The most European Muslim country, which has struggled for European Union’s membership for years, has just stepped backwards to its ‘roots’. In Sunday’s referendum, a majority voted to give more powers to the Turkish president, which could make Recep Tayyip Erdoğan ‘a modern sultan’.

The Turkish Republic, created by Turkish hero Kemal Ataturk almost a hundred years ago, sought to end the country’s sultan past and become a secular, modern, democratic state. Women gained new rights, including the right to study at universities. However, in his speeches, the Turkish President declares that Islam has reserved a place for women – motherhood. It is no surprise that Erdogan’s electorate comes from traditional rural locations, while in big cities – Istanbul, Ankara, Izmir – many of the country’s intellectuals and elites are opposed to the government, which was very visible in the referendum.

In the new era of populist and nationalist victories elsewhere in the world, why should Turkey be different? With the latest shocks of Brexit, Trump’s victory, the rise of far right parties in the EU, the Turkish referendum becomes just one more confirmation of the liberal world order’s decline.

In times of crisis, people tend to turn to populism and nationalism, and tend to believe in strong charismatic leaders – choosing dictatorship as a way to fight instability. The main argument Erdogan and his supporters used to convince to people for a ‘yes’ vote is the promise of stability.

In the developing chaos of this new world, new strong leaders must make new decisions. Turkey has a centuries’ long history of strong power concentrated in one’s hands. The fragile coalition government restrains from fast decisions needed with modern threats. While Western democratic leaders spend days of discussion to come to a solution that satisfies everyone, dictators are much faster in their actions, as they do not need to consult anyone. In such a way, democracies are slower to respond to terrorism and aggression in different parts of the world.

Nevertheless, fighting terrorism on Turkish territory and ISIS’ presence very close to the country’s borders – are great challenges for Turkey. Erdogan campaigned that new powers will bring Turkey victory in these struggles, and many citizens believed him.

Russia’s leadership is happy to welcome Turkey into its ‘dictatorship club’. Russian analysts claim that the country would not be able to come to this decisive point without Russian support. Some call it even a ‘divorce with the West’, a split Russia meets with joy.

Turkey has the second biggest army in NATO, G-20 membership, a strong economy, and a strategic geopolitical position. The West, therefore, should worry about losing the country’s partnership. Turkey is a gateway for alliances’ attacks against ISIS, as well as for ISIS terrorists to enter Europe. After the EU’s deal with Turkey to control the refugees coming to Europe, the refugee crisis stabilized to some extent. The European Union is highly interested in continuing this cooperation. However, the EU promised Turkey a visa free regime, a membership perspective, and funds, providing incentives to Turkey to join in discussions.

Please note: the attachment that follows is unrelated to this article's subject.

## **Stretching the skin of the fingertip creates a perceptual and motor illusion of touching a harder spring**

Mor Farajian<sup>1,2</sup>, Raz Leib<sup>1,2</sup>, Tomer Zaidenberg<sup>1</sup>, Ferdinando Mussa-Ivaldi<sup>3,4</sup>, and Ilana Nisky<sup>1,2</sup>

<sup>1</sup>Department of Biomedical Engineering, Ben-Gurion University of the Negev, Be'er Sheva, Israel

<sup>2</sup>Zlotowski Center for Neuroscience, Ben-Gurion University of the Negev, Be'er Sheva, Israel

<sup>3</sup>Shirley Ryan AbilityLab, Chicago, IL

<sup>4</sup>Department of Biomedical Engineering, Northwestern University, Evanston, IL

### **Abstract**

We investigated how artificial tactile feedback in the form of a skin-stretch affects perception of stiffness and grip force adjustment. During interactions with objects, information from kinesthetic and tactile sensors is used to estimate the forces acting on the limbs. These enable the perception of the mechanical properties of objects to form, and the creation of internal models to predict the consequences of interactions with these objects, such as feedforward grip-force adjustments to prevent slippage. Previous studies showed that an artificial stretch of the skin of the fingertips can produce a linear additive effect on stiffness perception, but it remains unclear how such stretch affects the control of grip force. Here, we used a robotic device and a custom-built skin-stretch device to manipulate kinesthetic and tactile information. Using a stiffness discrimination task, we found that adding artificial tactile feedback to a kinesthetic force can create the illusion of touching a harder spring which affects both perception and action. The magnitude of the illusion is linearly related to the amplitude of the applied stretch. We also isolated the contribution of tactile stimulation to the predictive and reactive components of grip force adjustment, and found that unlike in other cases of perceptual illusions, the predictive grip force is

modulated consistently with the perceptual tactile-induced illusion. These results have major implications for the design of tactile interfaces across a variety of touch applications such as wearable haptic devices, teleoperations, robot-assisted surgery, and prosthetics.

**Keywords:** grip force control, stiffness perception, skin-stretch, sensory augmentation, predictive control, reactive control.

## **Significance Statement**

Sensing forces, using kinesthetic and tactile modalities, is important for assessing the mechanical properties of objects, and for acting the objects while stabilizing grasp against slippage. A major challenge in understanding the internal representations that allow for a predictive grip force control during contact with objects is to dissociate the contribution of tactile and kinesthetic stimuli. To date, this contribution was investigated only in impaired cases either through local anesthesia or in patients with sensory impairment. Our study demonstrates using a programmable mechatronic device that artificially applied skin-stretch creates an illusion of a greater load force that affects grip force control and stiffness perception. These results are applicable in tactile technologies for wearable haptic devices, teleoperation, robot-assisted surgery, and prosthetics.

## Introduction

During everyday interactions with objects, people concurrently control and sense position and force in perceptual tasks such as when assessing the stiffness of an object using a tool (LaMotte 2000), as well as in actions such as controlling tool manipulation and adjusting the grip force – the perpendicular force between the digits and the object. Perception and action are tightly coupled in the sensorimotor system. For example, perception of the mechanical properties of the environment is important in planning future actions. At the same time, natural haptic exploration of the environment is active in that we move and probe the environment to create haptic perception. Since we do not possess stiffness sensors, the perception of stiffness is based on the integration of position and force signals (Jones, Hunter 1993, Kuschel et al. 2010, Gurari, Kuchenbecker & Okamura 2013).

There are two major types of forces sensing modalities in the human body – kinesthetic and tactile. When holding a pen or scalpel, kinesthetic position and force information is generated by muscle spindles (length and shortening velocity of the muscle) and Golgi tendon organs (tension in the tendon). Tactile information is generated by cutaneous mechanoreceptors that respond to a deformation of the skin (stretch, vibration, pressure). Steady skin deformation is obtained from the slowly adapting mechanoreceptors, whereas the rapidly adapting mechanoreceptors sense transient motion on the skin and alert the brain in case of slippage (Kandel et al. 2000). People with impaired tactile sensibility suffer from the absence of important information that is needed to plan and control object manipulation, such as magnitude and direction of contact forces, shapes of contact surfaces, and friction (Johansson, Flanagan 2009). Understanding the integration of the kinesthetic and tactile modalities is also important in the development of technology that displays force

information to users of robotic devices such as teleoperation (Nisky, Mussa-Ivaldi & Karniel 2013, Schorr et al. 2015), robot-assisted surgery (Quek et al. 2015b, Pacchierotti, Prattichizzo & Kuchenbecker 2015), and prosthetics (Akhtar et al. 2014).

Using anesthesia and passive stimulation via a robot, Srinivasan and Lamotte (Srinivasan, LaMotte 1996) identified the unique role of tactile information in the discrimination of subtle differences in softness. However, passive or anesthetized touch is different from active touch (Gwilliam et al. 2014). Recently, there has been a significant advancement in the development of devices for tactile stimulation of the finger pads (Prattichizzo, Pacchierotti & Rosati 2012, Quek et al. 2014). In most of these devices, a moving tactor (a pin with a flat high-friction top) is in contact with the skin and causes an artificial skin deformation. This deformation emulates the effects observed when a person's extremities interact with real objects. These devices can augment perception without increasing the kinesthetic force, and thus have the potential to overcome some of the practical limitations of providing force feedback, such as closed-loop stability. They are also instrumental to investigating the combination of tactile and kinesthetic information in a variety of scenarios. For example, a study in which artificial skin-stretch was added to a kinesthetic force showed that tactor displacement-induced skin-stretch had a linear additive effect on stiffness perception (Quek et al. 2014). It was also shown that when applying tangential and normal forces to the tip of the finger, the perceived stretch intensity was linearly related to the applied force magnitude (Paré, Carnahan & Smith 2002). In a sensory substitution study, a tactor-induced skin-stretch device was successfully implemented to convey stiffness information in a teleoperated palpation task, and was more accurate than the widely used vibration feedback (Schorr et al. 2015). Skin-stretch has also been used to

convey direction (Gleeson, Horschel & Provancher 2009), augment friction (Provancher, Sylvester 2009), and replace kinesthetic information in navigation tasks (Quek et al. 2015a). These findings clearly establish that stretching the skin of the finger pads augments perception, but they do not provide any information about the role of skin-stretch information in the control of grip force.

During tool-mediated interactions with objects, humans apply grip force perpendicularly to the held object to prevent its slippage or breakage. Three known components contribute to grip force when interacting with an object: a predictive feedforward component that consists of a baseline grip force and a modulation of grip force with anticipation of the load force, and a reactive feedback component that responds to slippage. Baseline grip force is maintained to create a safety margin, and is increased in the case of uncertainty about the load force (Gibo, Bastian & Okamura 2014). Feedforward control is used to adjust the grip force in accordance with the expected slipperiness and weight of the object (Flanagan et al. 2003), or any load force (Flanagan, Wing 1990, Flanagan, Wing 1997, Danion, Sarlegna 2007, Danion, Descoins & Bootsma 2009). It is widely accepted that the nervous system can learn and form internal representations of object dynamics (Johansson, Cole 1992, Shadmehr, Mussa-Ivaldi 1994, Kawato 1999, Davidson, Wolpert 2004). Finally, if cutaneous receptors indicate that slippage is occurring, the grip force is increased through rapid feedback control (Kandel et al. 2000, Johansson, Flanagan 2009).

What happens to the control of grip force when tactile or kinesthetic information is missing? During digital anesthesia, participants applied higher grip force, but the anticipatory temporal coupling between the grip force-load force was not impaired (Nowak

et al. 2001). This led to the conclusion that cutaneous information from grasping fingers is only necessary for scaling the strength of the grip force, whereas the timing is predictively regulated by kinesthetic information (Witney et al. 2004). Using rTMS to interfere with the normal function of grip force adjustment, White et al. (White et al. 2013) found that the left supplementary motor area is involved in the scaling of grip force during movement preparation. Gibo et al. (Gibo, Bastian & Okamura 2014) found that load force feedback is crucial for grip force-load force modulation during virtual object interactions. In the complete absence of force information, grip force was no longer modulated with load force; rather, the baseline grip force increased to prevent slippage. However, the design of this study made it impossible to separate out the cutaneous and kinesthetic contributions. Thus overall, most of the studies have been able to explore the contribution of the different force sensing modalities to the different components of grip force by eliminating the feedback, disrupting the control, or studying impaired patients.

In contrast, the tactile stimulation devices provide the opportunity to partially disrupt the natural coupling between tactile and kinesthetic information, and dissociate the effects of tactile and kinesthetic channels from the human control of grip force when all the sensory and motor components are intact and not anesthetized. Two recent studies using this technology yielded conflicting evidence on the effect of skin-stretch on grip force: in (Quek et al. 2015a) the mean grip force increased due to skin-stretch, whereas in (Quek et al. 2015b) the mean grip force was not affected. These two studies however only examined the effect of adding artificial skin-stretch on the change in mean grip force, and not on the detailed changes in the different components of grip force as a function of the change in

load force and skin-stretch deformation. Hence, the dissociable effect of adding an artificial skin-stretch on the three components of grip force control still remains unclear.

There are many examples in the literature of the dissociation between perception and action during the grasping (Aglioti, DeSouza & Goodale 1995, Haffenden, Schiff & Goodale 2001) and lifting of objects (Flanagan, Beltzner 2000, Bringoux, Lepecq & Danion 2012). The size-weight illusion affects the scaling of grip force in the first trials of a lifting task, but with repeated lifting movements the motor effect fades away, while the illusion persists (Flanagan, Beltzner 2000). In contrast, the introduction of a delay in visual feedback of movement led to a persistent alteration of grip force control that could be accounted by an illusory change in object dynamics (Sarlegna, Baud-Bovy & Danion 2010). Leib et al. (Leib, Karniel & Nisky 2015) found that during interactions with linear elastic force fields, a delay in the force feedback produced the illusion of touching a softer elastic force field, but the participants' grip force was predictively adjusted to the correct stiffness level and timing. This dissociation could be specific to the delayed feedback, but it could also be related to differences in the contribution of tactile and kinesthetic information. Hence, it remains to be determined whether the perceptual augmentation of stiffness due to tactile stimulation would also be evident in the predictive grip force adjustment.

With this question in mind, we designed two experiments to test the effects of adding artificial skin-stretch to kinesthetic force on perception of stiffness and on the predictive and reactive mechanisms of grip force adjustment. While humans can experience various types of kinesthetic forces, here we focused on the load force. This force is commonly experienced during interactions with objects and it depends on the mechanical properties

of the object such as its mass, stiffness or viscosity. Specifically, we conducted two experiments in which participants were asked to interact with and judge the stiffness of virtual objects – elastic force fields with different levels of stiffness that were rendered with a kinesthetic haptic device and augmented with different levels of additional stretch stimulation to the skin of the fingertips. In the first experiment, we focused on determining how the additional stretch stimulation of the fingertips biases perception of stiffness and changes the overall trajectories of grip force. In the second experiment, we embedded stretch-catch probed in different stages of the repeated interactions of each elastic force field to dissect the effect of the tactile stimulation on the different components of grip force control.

After the July coup, allegedly organized by the exiled Turkish preacher Fethullah Gülen, Turkish democracy was on thin ice, which was much criticized by Western leaders. At least 40,000 people were arrested; 15,000 education staff and 21,000 teachers were fired for allegedly being supporters of Gülen. More than 100,000 people were purged. Journalists with any opposition thought were jailed. Professors could not be sure in their jobs. Any opposition was crushed. Before the referendum, any opposition was restricted from providing its ‘no’ campaign. The West was already concerned with the government’s brutal response and, after Erdogan’s desire to resurrect the death penalty, threatened to stop Turkish EU membership negotiations.

Looking at the referendum, the summer coup resembles a preparation for Erdogan’s plan to secure his rule. With all the new responsibilities the president will gain, the division between the three branches of power will disappear, and Erdogan will likely remain in power for many years. There will be no checks and balances. With this new legislative prerogative, Erdogan may fulfil his promise of bringing back the death penalty – a reform he wanted following the July coup.

The Turkish population was bitterly divided after the coup; the referendum results confirm the divide – 51.36 percent voted ‘yes’, and 48.64 percent cast a ‘no’ vote. With his new powers, Erdogan does not seem willing to unite Turkish society. Rather, he will likely sweep off everyone who disagreed with his mandate. Erdogan has already started persecution against any kind of opposition views; if he continues with more terror – such as restoring capital punishment – soon there will be no opposition, and the country will live under authoritarianism and fear.

Presently, the opposition tries to prove fraud in the referendum – due to the electoral authorities’ decision to allow unsealed ballots to be counted. The opposition will question the results with the supreme election board. However, with Erdogan’s control over the courts, the media, and all government institutions, there is a little chance for the opposition to prove anything. Will Western democracies intervene in any way? Or is this a final Turkish decision to abandon European values and to join Russian tyranny? Could Turkey become a leader in the Middle East? Time will show – but for now everything remains very uncertain.

This article was edited by Nathan Stormont.